Ver. 17.  Of fire.  The angels assumed such a glorious and terrible appearance.  One of them would have sufficed to destroy all the army of Syria; and thus the servant might be convinced how vain were all attempts against God's servants, Psalm cxliv. 19.  Salien, A.C. Christ 907.  Jacob beheld such camps of angels, (Gen. xxxii. 1, 2.) and our Saviour speaks of the legions which he could have brought forward, Mat. xxvi. 53.  C.

18 And the enemies came down to him, but Eliseus prayed to the Lord, saying: Strike, I beseech thee, this people with blindness. And the Lord struck them with blindness, according to the word of Eliseus.

Ver. 18.  Blindness.  The blindness here spoken of was of a particular kind, which hindered them from seeing the objects that were really before them; and represented other different object to their imagination; so that they no longer perceived the city of Dothan, nor were able to know the person of Eliseus; but were easily led by him, whom they took to be another man, to Samaria.  Sot that he truly told them; this is not the way, neither is this the city, &c. because he spoke with relation to the way, and to the city which was represented to them.  Ch.


--- Stratagems in war are lawful.  S. Chrys, &c.  Grot. Jur. iii. 1. 17.  The words of the prophet might be merely ironical.


--- Blindness, Sept. aorasia, "not seeing" certain objects, while they could perceive others; as was the case of the men who sought Lot's door at Sodom; (Gen. xix. 11.  C.) and the eyes of the disciples were held, that they might not know our Saviour.  Eliseus had left his house, going towards Samaria to meet the soldiers; and when they asked him where the prophet dwelt, he answered truly, This, &c.  For he was then near the royal city, and is above was at Dothan.  Salien.  H.


--- The reprobate will thus acknowledge their error, when it is too late, at the last day.

19 And Eliseus said to them: This is not the way, neither is this the city: follow me, and I will shew you the man whom you seek. So he led them into Samaria.

20 And when they were come into Samaria, Eliseus said: Lord, open the eyes of these men, that they may see. And the Lord opened their eyes, and they saw themselves to be in the midst of Samaria.

21 And the king of Israel said to Eliseus, when he saw them: My father, shall I kill them? 22 And he said: Thou shalt not kill them: for thou didst not take them with thy sword, or thy bow, that thou mayst kill them: but set bread and water before them, that they may eat and drink, and go to their master.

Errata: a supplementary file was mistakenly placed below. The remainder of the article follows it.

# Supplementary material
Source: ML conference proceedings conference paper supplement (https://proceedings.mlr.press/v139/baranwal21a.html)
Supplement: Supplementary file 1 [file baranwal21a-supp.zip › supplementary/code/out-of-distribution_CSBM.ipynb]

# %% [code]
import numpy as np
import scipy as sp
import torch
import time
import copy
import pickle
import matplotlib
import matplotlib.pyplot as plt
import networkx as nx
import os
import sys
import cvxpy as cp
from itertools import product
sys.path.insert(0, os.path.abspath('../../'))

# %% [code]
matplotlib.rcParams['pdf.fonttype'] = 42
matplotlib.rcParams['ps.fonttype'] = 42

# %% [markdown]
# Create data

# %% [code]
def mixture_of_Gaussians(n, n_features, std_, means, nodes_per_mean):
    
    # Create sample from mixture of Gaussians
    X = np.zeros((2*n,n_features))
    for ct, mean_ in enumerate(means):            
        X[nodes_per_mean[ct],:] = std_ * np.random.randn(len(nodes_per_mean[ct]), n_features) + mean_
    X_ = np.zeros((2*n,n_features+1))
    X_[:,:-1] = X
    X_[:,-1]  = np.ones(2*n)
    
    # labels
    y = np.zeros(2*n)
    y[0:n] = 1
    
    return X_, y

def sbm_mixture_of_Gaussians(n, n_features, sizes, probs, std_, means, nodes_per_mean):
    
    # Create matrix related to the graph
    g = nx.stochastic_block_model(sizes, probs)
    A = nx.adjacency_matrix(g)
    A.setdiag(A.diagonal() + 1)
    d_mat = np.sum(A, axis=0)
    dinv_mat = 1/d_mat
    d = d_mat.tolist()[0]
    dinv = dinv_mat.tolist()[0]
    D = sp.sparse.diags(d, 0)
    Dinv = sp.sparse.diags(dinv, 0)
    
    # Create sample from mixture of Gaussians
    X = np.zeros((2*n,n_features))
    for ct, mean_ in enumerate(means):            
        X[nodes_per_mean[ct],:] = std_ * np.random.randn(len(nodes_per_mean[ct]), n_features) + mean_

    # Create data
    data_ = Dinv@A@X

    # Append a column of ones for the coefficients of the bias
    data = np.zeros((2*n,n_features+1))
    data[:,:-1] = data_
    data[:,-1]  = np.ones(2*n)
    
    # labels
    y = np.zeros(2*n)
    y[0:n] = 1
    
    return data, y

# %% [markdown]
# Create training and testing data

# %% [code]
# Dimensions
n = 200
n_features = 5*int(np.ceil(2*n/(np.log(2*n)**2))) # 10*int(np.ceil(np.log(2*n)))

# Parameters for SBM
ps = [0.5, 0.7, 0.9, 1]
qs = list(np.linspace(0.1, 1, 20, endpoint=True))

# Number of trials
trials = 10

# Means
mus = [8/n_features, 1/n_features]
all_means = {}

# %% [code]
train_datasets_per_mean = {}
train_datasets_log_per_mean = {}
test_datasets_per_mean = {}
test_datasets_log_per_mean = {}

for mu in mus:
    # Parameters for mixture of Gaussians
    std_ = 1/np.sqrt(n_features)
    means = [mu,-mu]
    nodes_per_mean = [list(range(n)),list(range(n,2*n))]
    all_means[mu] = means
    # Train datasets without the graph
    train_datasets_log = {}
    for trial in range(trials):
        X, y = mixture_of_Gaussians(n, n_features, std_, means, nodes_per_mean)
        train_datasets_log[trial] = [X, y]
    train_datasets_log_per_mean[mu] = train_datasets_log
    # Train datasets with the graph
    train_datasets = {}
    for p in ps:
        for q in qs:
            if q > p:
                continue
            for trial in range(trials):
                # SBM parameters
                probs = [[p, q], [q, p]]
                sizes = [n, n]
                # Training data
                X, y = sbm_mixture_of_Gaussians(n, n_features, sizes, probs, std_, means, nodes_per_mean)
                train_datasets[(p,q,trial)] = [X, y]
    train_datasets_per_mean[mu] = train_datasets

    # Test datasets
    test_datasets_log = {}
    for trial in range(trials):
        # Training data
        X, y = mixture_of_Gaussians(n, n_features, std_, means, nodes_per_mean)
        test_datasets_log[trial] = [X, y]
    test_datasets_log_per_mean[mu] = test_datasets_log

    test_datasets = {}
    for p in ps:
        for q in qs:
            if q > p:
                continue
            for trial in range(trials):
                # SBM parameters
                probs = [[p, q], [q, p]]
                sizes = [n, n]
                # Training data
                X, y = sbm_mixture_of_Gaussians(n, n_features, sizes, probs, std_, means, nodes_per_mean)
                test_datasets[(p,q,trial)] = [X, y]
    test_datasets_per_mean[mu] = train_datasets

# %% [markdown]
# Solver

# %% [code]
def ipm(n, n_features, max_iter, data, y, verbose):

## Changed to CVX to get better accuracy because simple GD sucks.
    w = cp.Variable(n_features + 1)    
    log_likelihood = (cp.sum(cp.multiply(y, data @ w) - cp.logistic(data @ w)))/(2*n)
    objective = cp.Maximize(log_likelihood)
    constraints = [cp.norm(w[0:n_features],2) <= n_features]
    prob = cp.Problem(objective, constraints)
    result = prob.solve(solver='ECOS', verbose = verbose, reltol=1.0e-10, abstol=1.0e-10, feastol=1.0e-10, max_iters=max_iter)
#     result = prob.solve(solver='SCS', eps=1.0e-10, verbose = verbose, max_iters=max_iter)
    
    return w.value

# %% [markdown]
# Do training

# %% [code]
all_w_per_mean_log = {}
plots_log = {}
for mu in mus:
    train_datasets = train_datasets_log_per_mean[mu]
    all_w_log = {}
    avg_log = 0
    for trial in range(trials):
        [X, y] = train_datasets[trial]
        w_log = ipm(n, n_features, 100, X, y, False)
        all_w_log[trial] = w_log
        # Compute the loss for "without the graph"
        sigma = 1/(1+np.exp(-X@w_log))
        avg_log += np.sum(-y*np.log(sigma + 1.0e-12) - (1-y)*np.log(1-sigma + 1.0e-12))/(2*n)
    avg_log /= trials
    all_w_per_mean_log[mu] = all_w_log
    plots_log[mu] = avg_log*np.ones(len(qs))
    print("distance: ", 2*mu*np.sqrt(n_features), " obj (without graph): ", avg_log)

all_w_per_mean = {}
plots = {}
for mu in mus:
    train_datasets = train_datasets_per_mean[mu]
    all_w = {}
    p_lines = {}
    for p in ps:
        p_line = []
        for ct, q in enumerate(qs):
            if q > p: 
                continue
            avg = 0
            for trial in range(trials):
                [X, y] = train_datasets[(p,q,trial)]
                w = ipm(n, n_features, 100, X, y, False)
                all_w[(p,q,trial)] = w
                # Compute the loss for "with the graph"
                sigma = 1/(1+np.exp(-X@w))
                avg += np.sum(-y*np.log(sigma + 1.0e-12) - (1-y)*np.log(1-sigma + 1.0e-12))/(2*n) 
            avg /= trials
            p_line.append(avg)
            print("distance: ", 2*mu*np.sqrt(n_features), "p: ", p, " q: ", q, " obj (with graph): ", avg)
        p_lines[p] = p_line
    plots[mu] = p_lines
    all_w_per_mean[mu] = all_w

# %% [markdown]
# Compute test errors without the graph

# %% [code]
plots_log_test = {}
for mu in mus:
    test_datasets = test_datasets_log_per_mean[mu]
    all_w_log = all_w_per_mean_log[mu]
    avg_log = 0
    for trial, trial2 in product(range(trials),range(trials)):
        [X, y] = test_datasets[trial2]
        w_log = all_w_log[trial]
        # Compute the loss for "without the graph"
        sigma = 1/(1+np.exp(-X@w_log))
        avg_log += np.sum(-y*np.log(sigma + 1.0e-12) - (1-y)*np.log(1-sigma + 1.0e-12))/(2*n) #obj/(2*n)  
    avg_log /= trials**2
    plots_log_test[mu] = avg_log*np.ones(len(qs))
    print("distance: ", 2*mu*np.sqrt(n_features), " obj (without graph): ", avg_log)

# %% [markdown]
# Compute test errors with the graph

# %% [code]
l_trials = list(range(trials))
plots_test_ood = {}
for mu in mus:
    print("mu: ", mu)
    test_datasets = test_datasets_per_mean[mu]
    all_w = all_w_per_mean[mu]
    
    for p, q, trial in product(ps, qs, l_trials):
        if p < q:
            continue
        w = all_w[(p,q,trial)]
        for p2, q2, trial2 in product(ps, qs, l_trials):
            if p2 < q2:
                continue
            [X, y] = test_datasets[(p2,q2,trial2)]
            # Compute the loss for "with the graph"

Ver. 22.  For thou.  Heb. "Dost thou kill, &c.?"  If those who have surrendered themselves in battle be often spared, though they might be slain by the strict laws of war, how much less ought these men to be treated with such severity?  C.


--- Sicut bellanti & resistenti violentia redditur: ita victo vel capto misericorida jam debetur.  S. Aug. ep. 1. ad Bonif.  Grot.


--- And water, all necessary provisions.  W.


--- These men were suffered to live that they might relate the wonders of God.  Theod. q. 20.

23 And a great provision of meats was set before them, and they ate and drank, and he let them go, and they went away to their master, and the robbers of Syria came no more into the land of Israel.

Ver. 23.  Meats.  So the apostle orders us to treat our enemies, Rom. xii. 20.


--- The robbers, these soldiers, who were dismissed.  H.


--- No more, (ultra) or, "no farther." (H.) during this war, or in small troops; but, a little later, Benadad came with all his forces to besiege Samaria.  T.


--- He was enraged at Eliseus and Joram, as if they despised his power.  Salien.

24 And tit came to pass after these things, that Benadad king of Syria gathered together all his army, and went up, and besieged Samaria.

25 And there was a great famine in Samaria: and so long did the siege continue, till the head of an ass was sold for fourscore pieces of silver, and the fourth part of a cabe of pigeon's dung, for five pieces of silver.

Ver. 25.  In Samaria.  It had raged in all the country above three years, (Salien) and continued other four, C. viii. 1.  The continuance of the siege added fresh horrors.


--- Pieces is not expressed in Heb.: a sicle is understood.  H.


--- Lyran supposes that the whole ass was sold for about 38 crowns, (H.) or 130 livres; as we say commonly, "so much a head."  But interpreters generally assert that the price of the head alone is given; which shews more forcibly the greatness of the famine.  On other occasions the animal could not be eaten by the Jews.  Artaxerxes was forced to kill his beasts of burden; and an ass's head was then sold for 60 drachms, or 25 livres.  When Hannibal besieged Casilinum, a mouse (or rat) was sold for above 70, or for 200 denari.  Plin. viii. 57.  V. Max. vii. 6, 3.